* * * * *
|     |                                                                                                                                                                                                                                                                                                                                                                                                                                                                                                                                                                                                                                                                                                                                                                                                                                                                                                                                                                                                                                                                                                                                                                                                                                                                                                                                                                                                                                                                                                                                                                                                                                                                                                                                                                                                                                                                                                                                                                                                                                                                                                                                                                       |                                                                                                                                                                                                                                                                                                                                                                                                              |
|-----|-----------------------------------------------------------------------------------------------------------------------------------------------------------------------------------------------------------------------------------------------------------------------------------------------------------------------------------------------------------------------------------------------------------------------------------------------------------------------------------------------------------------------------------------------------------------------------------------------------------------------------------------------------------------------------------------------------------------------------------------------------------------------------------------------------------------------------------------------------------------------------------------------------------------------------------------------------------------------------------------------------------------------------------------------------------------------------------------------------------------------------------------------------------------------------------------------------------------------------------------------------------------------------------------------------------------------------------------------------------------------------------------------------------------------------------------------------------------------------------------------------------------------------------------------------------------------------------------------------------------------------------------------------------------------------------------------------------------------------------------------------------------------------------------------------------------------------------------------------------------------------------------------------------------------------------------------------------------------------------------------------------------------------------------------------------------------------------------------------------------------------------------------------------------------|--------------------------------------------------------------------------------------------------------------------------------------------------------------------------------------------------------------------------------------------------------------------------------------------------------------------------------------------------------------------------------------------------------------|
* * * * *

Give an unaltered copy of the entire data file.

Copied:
|     |                                                                                                                                                                                                                                                                                                                                                                                                                                                                                                                                                                                                                                                                                                                                                                                                                                                                                                                                                                                                                                                                                                                                                                                                                                                                                                                                                                                                                                                                                                                                                                                                                                                                                                                                                                                                                                                                                                                                                                                                                                                                                                                                                                       |                                                                                                                                                                                                                                                                                                                                                                                                              |
|-----|-----------------------------------------------------------------------------------------------------------------------------------------------------------------------------------------------------------------------------------------------------------------------------------------------------------------------------------------------------------------------------------------------------------------------------------------------------------------------------------------------------------------------------------------------------------------------------------------------------------------------------------------------------------------------------------------------------------------------------------------------------------------------------------------------------------------------------------------------------------------------------------------------------------------------------------------------------------------------------------------------------------------------------------------------------------------------------------------------------------------------------------------------------------------------------------------------------------------------------------------------------------------------------------------------------------------------------------------------------------------------------------------------------------------------------------------------------------------------------------------------------------------------------------------------------------------------------------------------------------------------------------------------------------------------------------------------------------------------------------------------------------------------------------------------------------------------------------------------------------------------------------------------------------------------------------------------------------------------------------------------------------------------------------------------------------------------------------------------------------------------------------------------------------------------|--------------------------------------------------------------------------------------------------------------------------------------------------------------------------------------------------------------------------------------------------------------------------------------------------------------------------------------------------------------------------------------------------------------|